Moving on to some of the more functional changes, heavy email users will appreciate some of the changes to that app. People with multiple accounts can now use the “All Inboxes” feature to see all of their email collected together in one place. Additionally, mail is now displayed in threads by default – an email and all replies under the same subject are now grouped together, instead of as a long, disjointed series of replies. Gmail users are already familiar with this concept. This feature can be turned off, for people who prefer the old-school view.
The biggest addition to the new software is its ability to multitask – double-tapping the Home button will bring up a list of all apps you’ve launched since you turned the phone on. This capability has always been part of the OS, but only in iOS 4 has it been made available to third-party app developers (this is why you could play iPod music and check your email at the same time, but the Pandora app would stop playing as soon as you left it to do something else).
Some would argue that the feature is only half-baked, and at this point I’m not especially inclined to disagree. Apple still puts limits on multi-tasking in order to preserve the snappiness of its user interface – most apps are simply frozen in place until you come back to them, so videos don’t necessarily queue and downloads don’t necessarily happen when you leave an app to go do something else in another one. The menu, which doesn’t close anything automatically, quickly becomes hopelessly cluttered. App developers also need to add multitasking capabilities to their apps individually, and while I’m sure everyone will be up to speed in a month or two the support at the moment is a bit lackluster. Still, it’s a small step in the right direction.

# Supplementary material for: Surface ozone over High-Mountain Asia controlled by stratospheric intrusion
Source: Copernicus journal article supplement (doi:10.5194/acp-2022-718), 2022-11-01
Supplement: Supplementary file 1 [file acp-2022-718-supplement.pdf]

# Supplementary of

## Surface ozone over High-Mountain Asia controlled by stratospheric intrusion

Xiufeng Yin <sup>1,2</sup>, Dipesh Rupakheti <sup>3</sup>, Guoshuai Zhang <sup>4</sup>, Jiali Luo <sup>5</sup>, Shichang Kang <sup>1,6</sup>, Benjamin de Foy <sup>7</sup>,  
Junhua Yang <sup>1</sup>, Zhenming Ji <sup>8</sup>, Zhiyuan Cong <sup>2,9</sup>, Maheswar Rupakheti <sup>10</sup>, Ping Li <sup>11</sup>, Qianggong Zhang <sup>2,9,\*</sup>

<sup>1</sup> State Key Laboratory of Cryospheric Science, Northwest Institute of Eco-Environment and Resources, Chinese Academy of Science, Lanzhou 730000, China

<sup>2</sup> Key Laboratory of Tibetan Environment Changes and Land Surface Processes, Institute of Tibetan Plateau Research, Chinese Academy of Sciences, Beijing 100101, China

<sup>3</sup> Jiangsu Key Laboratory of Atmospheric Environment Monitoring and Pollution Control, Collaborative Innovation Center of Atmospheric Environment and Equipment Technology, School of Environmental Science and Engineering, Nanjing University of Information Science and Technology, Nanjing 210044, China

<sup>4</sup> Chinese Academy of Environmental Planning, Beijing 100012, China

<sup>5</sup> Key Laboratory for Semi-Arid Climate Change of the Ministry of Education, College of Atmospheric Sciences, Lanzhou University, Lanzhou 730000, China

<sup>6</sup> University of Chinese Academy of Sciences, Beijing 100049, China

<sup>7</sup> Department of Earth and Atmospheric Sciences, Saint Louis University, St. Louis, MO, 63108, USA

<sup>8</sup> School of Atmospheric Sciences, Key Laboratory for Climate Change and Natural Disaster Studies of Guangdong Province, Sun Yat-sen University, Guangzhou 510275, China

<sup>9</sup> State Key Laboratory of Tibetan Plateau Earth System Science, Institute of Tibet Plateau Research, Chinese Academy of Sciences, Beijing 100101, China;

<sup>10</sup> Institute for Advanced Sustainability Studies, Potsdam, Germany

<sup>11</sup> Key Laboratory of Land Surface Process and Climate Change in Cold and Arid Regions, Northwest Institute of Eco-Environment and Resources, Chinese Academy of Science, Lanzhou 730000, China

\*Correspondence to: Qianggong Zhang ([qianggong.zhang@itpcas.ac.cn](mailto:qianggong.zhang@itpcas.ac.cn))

- The iPhone can finally be tethered to a computer for on-the-road Internet access (if, of course, you cough up the extra $20 a month to AT&T)
- Apple’s iBooks e-reader app is set to make its iPhone debut
- Wi-Fi network connections now stay on even when the device is asleep
- Spellchecking is now done in every app system-wide
- An orientation lock (accessed by double-tapping the Home button and going left, see above) can now disable flipping between portrait and landscape mode
- The Game Center app looks to bring Xbox Live-style Achievements and friend lists to the iPhone – game apps will need to be updated to support it, of course
- Microsoft’s Bing search engine joins Yahoo! and Google (the default) as an option
- The phone’s lock screen now supports alphanumerical passwords
- The camera now has 5x digital zoom
There are others (see a more comprehensive overview here), but these are the most notable user-facing innovations.
The changes in Apple’s latest iPhone operating system, contrary to what Apple would like to tell you, are mostly incremental. The still-limited multitasking ability is the new software’s biggest advancement, and while being able to play Pandora while you do other things is nice, it won’t fundamentally change how you use your iPhone.
As updates go, though, I’m fairly happy with it. The New Stuff Excitement that I’m prone to wore off pretty quickly, but the changes to the Mail app and the ability to put apps in folders are both genuinely useful features to which I’ve already gotten used.
Do we have any other upgraders in the audience? How has the change been for you? Sound off in the Comments section!